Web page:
No one wants to think about what happens when they're gone. It's natural to push it aside. Yet, 2020 has given us a vivid, stark window into the "life can change on a dime" perspective. If you were to pass away or become incapacitated, your loved ones may be responsible for making challenging decisions about your health or estate. During a time of emotional distress or grieving, it’s difficult to think about money and how to find critical documents. That’s why it’s important to put your documents in one centralized place. By doing so, you’re not only ensuring your wishes are understood, but also planning to help loved ones make arrangements in your absence.
Start Getting Organized Today
First, find a secure location, such as a password-protected online vault (like Adviceworks), fireproof home safe, or bank safe deposit box. Having documents in both a physical and digital location is ideal. Next, decide which documents should go into the secure locations. If you want to minimize clutter, you may consider printing out a list of websites to online statements with their corresponding passwords. Make sure to include any documents containing crucial financial information. Be sure to tell your loved ones where to find your documents and provide them with password information or permission to access to your safe deposit box or digital vault.
- Quarterly and annual statements: IRAs, 401(k)s, funds, brokerage accounts, statements from last quarter, and statements from the end of the previous calendar year (that is, the last Q4 statement you received).
- Healthcare benefit information: Medicare or Medicare Advantage Plan, group health plan, individual health policies, long-term care policies and contact information for insurers, HMOs, your doctor(s), and your insurance agent.
- Life insurance information: Listing of when level premiums on straight term policies end, the death benefit, the required premiums on any policy, and the present cash value on any permanent life policies.
- Beneficiary designation forms: Beneficiary designations often take priority over requests made in a will when it comes to 401(k), 403(b), and IRA plans. Retain copies and review them with a financial planner, CPA or attorney so they can help you gauge the tax efficiency of the eventual transfer of assets. Recent law changes like the SECURE Act will have a significant impact on your beneficiaries.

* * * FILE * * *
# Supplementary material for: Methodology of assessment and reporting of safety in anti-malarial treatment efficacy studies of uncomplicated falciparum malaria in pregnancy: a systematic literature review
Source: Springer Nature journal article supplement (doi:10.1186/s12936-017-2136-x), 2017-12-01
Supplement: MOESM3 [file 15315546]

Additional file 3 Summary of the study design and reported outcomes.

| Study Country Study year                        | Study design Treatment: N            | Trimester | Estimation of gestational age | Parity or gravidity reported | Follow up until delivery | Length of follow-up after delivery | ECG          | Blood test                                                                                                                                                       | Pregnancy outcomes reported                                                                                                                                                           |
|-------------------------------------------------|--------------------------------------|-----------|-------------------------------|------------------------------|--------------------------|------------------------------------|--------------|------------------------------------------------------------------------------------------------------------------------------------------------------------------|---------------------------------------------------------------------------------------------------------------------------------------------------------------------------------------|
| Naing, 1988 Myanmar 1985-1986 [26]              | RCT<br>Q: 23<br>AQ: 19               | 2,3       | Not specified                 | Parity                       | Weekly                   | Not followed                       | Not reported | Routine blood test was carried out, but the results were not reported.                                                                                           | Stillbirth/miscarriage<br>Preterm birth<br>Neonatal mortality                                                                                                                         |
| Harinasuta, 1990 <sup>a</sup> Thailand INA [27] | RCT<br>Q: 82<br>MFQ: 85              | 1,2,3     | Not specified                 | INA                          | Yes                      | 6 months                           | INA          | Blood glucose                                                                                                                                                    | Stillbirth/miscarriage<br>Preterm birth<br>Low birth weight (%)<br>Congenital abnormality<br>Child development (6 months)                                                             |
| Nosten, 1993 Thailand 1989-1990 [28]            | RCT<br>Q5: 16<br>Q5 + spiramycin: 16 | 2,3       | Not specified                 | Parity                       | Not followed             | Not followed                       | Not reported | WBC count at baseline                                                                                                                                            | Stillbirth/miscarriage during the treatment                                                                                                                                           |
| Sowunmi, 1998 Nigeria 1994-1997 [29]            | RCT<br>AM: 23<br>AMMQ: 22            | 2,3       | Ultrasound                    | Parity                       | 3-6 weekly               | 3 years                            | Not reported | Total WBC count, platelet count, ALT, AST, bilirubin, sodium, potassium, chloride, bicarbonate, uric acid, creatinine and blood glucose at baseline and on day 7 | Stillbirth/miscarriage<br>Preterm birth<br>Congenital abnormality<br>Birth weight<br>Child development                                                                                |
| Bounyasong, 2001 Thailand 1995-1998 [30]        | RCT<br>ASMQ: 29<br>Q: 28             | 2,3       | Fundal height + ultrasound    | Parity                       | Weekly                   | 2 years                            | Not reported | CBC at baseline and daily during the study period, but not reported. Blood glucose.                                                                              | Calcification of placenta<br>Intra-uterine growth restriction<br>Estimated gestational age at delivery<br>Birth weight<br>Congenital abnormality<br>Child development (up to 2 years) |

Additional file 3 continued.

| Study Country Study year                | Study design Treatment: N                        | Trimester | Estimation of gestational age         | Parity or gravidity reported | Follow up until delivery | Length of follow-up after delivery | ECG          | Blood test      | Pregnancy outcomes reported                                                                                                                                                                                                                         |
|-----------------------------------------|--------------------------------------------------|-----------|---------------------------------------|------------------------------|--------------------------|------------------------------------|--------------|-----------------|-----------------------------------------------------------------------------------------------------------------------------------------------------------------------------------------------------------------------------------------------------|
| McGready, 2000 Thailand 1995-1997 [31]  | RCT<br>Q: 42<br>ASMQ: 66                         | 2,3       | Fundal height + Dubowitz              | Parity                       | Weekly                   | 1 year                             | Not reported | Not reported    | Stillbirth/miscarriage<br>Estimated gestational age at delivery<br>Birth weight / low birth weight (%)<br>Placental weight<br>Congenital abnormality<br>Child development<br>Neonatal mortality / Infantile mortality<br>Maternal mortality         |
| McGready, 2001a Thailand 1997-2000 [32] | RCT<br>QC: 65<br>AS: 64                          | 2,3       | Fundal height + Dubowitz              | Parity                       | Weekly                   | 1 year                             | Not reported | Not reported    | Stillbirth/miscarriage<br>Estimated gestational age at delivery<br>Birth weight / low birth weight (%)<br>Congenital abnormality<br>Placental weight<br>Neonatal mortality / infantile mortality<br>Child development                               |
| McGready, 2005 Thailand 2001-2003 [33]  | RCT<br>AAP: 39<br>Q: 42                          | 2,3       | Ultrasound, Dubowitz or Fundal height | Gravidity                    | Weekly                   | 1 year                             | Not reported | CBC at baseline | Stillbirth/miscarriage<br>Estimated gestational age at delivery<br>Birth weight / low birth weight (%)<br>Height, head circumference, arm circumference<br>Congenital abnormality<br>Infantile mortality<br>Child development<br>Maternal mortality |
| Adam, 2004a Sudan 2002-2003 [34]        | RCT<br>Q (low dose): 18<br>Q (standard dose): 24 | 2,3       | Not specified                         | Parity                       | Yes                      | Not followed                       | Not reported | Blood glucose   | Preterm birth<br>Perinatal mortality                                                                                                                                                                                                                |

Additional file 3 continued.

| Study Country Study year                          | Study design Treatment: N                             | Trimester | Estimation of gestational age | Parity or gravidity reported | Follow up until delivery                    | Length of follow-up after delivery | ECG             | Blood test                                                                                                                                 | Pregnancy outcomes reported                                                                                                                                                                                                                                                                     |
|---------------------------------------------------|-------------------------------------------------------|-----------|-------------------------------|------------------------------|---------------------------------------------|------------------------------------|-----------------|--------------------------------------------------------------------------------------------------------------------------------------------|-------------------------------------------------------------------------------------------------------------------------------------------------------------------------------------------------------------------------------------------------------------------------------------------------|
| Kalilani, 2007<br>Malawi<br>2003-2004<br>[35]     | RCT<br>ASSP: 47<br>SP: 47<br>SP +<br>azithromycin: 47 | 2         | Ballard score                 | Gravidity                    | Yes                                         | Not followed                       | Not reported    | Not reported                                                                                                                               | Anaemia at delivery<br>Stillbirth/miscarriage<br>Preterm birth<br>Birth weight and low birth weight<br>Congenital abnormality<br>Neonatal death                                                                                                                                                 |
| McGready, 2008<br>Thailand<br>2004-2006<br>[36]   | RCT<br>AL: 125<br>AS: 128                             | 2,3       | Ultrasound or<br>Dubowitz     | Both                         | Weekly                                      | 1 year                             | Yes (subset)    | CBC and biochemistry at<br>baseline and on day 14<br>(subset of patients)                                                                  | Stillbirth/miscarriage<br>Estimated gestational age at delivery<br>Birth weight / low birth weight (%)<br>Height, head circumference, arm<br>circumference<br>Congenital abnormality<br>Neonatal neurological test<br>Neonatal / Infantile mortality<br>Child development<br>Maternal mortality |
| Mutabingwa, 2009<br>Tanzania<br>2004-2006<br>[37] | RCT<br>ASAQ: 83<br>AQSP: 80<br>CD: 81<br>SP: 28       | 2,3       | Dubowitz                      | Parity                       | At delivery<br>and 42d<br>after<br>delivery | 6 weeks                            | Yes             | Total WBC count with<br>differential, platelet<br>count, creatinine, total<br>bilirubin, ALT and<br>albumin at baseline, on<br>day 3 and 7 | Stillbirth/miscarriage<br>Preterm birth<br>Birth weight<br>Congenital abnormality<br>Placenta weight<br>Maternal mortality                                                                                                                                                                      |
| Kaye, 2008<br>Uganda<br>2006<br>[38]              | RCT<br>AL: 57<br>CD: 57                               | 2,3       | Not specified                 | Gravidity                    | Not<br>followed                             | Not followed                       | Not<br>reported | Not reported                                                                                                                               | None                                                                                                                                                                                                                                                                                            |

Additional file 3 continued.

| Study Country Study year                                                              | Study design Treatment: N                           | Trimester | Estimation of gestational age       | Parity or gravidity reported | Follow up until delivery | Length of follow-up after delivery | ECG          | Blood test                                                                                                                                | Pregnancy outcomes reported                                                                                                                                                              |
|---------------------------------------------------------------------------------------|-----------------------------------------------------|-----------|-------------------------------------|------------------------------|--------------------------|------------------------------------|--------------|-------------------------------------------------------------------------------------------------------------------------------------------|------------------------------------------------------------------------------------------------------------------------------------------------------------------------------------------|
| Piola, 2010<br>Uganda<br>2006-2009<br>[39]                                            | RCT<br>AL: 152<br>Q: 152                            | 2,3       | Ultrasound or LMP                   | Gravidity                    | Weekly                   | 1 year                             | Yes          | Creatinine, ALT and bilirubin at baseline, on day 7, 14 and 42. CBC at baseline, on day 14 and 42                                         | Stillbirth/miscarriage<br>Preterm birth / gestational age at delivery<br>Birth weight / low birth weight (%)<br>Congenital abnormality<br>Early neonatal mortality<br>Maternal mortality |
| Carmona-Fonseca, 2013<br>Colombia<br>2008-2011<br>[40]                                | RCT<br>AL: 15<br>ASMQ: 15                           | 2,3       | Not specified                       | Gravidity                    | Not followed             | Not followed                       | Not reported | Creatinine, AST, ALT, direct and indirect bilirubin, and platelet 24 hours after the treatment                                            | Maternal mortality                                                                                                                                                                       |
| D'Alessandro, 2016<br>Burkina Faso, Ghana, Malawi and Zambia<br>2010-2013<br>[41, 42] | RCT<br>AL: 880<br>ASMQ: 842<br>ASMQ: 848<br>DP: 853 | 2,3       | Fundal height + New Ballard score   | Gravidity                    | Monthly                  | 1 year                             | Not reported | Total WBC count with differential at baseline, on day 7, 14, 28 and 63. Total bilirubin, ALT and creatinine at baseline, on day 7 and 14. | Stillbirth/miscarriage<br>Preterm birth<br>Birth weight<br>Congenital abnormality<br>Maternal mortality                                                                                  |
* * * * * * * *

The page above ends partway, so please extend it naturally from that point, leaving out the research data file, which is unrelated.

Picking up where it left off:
- Social Security basics: If you haven’t claimed Social Security benefits yet, include your Social Security card and W-2 form from last year (or Schedule SE and Schedule C plus 1040 form). Also include certified copies of your birth certificate, marriage license, divorce papers, military discharge paperwork, and proof of citizenship, if applicable.
- Social Security statements: Take a screenshot or print a copy of the statement that tracks your accrued benefits.
- Pension matters: Collect special letters or bulletins from your employer, your individual benefit statement, your summary plan description, and contact information for someone at the employee benefits department where you work.
- Real estate documents: These include deeds, mortgage documents, property tax statements, homeowner insurance policies, and a list of the contents in your home and their estimated value.
- Estate planning paperwork: Your estate plan, any trust paperwork, a will, and a durable power of attorney or healthcare directive.
- Tax returns: At a minimum, have a copy of your 1040 and state returns from the prior year.
- List of digital assets: Contents of a cloud, a photo library, social media pages, and all corresponding passwords.
Planning ahead for the unexpected is a way to show your loved ones you care. Don't hesitate to reach out if you have questions or thoughts to share. And if you find this information helpful, feel free to pass it along to someone you think might need it.
One final thought - if it's been more than three years since your estate plan was last reviewed, now is the time to revisit and make sure it's all in order. A lot can happen in three years.